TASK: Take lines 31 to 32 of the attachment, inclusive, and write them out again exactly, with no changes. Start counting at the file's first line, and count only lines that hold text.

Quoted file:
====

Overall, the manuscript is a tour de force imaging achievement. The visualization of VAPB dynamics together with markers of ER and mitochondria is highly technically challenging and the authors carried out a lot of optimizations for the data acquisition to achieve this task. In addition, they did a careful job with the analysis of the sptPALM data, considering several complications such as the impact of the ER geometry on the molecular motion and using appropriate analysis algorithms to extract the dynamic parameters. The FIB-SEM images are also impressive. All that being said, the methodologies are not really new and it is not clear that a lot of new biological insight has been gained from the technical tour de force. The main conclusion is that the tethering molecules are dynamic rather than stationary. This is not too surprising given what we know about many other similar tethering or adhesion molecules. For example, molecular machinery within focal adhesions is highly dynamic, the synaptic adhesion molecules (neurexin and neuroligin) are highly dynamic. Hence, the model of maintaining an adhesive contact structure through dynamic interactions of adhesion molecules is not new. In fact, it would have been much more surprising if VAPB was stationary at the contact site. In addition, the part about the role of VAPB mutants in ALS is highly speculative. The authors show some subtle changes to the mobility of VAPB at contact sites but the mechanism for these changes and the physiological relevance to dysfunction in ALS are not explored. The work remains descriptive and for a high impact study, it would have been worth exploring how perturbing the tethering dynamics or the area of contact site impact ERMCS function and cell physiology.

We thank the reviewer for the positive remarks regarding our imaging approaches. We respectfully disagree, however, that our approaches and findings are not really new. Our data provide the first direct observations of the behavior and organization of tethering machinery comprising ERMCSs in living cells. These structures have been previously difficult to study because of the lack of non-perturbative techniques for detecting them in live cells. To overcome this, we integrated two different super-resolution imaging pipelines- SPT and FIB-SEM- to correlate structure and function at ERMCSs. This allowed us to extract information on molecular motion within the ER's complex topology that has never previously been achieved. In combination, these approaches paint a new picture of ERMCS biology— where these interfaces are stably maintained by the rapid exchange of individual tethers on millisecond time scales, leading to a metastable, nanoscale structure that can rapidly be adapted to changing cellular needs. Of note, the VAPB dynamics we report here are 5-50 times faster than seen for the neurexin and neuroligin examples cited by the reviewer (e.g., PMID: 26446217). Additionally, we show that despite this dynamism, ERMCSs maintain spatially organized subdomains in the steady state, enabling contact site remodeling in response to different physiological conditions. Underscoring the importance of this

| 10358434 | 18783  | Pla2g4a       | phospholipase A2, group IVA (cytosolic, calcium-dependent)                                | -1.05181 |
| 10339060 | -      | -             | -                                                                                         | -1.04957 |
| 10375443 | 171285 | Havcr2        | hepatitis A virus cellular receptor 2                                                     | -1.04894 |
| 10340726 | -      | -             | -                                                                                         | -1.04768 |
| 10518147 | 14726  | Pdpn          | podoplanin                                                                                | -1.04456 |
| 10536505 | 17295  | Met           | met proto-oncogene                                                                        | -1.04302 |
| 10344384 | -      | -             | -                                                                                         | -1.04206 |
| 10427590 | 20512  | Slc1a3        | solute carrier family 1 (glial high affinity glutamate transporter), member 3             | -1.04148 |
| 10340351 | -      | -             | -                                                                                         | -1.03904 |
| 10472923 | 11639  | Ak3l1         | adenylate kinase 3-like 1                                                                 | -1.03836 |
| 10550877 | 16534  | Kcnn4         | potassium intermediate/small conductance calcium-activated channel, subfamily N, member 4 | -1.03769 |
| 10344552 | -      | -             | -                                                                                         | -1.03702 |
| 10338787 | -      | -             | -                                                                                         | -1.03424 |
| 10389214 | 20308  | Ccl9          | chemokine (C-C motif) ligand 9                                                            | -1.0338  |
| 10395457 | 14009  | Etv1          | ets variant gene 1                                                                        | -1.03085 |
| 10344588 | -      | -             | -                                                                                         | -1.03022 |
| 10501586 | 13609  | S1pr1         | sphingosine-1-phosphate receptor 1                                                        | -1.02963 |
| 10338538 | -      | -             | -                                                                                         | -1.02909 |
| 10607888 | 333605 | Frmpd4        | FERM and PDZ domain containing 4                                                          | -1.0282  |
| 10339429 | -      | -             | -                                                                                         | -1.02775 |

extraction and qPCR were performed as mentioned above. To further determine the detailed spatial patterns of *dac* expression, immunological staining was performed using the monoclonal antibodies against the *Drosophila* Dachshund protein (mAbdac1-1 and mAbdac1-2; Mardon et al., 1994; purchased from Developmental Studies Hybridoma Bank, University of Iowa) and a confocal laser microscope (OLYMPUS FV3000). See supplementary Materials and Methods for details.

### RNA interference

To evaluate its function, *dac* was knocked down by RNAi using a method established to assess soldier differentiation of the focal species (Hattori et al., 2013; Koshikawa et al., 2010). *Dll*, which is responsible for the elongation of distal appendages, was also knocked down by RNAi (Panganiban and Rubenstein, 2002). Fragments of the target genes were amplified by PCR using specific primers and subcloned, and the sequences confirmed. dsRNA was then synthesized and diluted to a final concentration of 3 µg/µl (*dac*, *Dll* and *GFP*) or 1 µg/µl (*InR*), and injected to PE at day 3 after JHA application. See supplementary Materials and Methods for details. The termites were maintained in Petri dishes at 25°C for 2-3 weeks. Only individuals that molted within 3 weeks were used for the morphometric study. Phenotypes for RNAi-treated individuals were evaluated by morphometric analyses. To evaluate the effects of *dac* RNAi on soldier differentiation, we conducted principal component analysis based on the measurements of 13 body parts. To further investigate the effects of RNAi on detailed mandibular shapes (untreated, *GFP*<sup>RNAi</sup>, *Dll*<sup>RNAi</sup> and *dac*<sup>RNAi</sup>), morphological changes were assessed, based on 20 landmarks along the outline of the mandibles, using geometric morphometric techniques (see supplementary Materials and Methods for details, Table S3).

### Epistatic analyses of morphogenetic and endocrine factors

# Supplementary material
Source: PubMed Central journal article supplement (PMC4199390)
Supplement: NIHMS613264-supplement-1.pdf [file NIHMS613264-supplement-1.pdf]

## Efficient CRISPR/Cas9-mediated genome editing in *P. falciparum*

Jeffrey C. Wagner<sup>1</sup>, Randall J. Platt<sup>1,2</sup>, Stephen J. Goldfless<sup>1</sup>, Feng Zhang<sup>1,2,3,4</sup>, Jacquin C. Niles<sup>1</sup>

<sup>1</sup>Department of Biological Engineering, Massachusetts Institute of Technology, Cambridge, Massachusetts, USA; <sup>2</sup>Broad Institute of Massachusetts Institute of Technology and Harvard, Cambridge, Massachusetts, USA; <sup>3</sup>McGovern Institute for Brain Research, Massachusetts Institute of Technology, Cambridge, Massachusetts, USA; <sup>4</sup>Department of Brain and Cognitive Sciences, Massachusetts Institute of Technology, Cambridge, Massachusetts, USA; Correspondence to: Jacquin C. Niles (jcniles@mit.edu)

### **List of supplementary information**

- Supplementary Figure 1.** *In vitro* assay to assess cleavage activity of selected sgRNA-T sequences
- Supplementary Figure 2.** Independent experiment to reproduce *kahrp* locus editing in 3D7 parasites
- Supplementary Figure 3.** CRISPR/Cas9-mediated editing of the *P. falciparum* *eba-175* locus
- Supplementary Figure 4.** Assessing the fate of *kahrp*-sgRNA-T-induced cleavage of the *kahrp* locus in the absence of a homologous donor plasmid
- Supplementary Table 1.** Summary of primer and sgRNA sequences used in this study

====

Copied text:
Jeffrey C. Wagner<sup>1</sup>, Randall J. Platt<sup>1,2</sup>, Stephen J. Goldfless<sup>1</sup>, Feng Zhang<sup>1,2,3,4</sup>, Jacquin C. Niles<sup>1</sup>

<sup>1</sup>Department of Biological Engineering, Massachusetts Institute of Technology, Cambridge, Massachusetts, USA; <sup>2</sup>Broad Institute of Massachusetts Institute of Technology and Harvard, Cambridge, Massachusetts, USA; <sup>3</sup>McGovern Institute for Brain Research, Massachusetts Institute of Technology, Cambridge, Massachusetts, USA; <sup>4</sup>Department of Brain and Cognitive Sciences, Massachusetts Institute of Technology, Cambridge, Massachusetts, USA; Correspondence to: Jacquin C. Niles (jcniles@mit.edu)